You Shall Configure your MAXDOP When Using SharePoint 2013

In this post, I’m going to talk about why and how to configure your Maximum Degree of Parallelism on your SQL database instance. The reason I’m explaining this now is because of something I ran into while setting up my first SharePoint Server 2013 RTM farm tonight.


Microsoft has been telling customers for years to set their Maximum Degree of Parallelism (MAXDOP) to 1 for SQL instances which host SharePoint database. For the most part, this guidance has been widely ignored with very little consequence, with the exception perhaps of sub-optimal performance.

For those of you who are unfamiliar with what this setting actually does, you can refer to the following documents:
max degree of parallelism Option
Recommendations and Guidelines for ‘max degree of parallelism’ configuration option

The second link actually does a pretty good job of explaining in detail what this option does – and here’s the short summary: The SQL Server configuration option ‘max degree of parallelism’ controls the number of processors used for the execution of a query with a parallel plan.

A higher MAXDOP value would typically be used when you have a very small number of concurrently executing queries relative to the number of processors. A lower MAXDOP value would typically be used when you have a very large number of concurrently executing queries relative to the number of processors. The default value of ‘0’ will effectively limit the MAXDOP value to the number of processors.

SharePoint is a system in which there will be a very high number of concurrently executing queries; therefore this system favors a lower MAXDOP value. As indicated in the following documents, the optimal MAXDOP value for SharePoint environments is 1.
Storage and SQL Server capacity planning and configuration (SharePoint Server 2010)
Enterprise intranet collaboration environment technical case study (SharePoint Server 2010)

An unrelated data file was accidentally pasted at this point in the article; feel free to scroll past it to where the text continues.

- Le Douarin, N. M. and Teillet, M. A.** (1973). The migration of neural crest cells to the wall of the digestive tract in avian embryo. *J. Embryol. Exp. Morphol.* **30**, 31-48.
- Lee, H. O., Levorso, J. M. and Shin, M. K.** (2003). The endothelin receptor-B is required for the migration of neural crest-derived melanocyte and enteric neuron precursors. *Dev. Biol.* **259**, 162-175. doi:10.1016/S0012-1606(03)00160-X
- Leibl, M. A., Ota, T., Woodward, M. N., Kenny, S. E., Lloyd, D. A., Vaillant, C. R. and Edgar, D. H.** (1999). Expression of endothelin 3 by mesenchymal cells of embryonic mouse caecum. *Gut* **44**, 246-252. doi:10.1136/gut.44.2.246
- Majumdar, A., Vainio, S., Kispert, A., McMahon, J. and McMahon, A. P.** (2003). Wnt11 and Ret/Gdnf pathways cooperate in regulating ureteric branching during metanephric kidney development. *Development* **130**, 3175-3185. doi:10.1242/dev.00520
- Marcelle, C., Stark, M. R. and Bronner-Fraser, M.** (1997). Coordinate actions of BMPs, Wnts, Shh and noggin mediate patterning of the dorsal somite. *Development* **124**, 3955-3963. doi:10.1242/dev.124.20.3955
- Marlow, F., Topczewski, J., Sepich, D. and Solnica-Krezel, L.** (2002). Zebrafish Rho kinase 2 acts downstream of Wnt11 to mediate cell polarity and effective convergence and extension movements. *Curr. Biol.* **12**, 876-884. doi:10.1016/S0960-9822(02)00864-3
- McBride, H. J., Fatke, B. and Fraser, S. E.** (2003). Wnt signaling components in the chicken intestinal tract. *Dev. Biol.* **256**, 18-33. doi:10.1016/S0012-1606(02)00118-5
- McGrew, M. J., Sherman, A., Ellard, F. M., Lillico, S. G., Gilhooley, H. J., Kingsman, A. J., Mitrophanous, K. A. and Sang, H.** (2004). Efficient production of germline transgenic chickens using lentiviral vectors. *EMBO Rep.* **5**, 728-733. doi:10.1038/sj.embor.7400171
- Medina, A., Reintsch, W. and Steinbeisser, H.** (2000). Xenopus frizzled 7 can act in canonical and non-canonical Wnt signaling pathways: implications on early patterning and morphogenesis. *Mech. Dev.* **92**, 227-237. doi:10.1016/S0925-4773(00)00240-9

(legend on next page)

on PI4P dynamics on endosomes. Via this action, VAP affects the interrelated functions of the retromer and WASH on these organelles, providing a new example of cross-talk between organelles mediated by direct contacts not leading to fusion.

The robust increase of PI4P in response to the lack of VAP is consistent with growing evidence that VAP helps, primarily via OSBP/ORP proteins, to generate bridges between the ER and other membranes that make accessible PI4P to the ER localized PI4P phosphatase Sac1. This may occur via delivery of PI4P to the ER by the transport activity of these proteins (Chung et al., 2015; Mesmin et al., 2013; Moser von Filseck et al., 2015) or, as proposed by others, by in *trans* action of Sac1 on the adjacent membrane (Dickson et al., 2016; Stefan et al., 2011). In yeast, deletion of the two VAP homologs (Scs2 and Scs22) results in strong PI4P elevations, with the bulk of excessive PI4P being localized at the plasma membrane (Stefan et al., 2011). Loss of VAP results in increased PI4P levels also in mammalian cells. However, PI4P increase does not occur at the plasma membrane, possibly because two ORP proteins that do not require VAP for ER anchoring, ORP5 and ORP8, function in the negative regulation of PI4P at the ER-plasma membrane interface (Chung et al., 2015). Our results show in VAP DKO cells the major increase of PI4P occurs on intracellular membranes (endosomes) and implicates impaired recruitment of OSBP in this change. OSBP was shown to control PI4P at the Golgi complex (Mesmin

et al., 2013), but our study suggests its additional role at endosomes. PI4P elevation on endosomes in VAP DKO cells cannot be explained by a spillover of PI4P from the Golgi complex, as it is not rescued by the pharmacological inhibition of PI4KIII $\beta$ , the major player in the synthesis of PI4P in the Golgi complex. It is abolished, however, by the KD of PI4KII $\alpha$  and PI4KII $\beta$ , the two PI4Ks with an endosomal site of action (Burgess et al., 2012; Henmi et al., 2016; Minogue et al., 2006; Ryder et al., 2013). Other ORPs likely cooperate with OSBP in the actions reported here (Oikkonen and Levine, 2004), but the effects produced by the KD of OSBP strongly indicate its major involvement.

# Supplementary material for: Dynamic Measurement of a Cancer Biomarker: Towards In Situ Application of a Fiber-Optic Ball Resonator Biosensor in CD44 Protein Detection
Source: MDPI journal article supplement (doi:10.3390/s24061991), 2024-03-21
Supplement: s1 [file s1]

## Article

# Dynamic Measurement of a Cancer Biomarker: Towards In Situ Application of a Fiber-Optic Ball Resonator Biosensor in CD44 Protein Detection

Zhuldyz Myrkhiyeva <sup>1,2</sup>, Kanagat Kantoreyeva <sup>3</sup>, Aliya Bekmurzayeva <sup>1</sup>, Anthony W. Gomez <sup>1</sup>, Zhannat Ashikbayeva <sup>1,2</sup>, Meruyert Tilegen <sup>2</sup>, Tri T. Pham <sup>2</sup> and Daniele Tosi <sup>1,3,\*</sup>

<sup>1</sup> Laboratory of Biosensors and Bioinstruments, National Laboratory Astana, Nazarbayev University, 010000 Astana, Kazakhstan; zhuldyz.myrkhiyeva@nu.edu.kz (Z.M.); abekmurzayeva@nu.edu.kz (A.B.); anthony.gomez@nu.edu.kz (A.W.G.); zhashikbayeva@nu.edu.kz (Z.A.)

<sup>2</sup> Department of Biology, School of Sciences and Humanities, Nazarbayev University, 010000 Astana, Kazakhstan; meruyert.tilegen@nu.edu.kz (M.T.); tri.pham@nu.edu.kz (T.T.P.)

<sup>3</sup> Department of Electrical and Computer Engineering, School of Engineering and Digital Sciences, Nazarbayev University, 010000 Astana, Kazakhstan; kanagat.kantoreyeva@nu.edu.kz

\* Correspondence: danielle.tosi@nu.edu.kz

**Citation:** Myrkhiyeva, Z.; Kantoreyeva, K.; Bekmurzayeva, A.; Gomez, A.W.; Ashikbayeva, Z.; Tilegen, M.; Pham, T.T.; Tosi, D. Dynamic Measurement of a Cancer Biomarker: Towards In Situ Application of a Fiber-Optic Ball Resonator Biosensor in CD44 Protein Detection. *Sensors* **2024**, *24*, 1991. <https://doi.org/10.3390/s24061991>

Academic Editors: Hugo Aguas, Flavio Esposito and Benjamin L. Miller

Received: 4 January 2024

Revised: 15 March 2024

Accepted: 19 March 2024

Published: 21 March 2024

Historically, Microsoft has been making this recommendation, and adding query hints in order to limit MAXDOP for each query to 1 in order to limit the impact of setting MAXDOP to any value other than 1, or leaving it at 0. This does not appear to be necessary going forward, and I’ll do my best to explain why.

What Happens If I Haven’t Set MAXDOP to 1?

The answer here is pretty simple. If your MAXDOP value has not been set to 1 on the SQL server instance on which you’re attempting to host your databases, you will not be able to create databases on the instance. The error message you will encounter is the following:

New-SPConfigurationDatabase : This SQL Server instance does not have the required “max degree of parallelism” setting of 1. Database provisioning operations will continue to fail if “max degree of parallelism” is not set 1 or the current account does not have permissions to change the setting. See documentation for details on manually changing the setting

Also seen in this screenshot:

How Do I Work Around This Problem?

There are basically two ways to remediate this issue. The first one (not recommended) is to grant the account running the PowerShell cmdlets, or executing the Configuration Wizard, sysadmin access to your SQL instance. The second, more desirable approach, is to set the MAXDOP value to 1 in the SQL instance.

The MAXDOP option is an advanced option. The documentation above does provide the SQL statements to change this option. I’ll briefly explain how to do this using SQL Management Studio. My screenshot is from SQL Server 2012, the process will be the same for SQL Server 2008 R2, and SharePoint 2013 does not support older versions of SQL:

  1. Open SQL Management Studio and connect to the instance which will host SharePoint databases
  2. Right-click the Instance you wish to manage
  3. Select ‘Properties’
  4. Select the ‘Advanced’ Node
  5. The Second option from the bottom will be ‘Maximum Degree of Parallelism’. Change this value to 1
  6. Click ‘OK’

Your value should appear as in the screenshot below:

After having set the MAXDOP value to 1, you should be able to proceed and create your farm and/or additional databases, all the while following at least one best practice.

What Does This Mean In The Enterprise?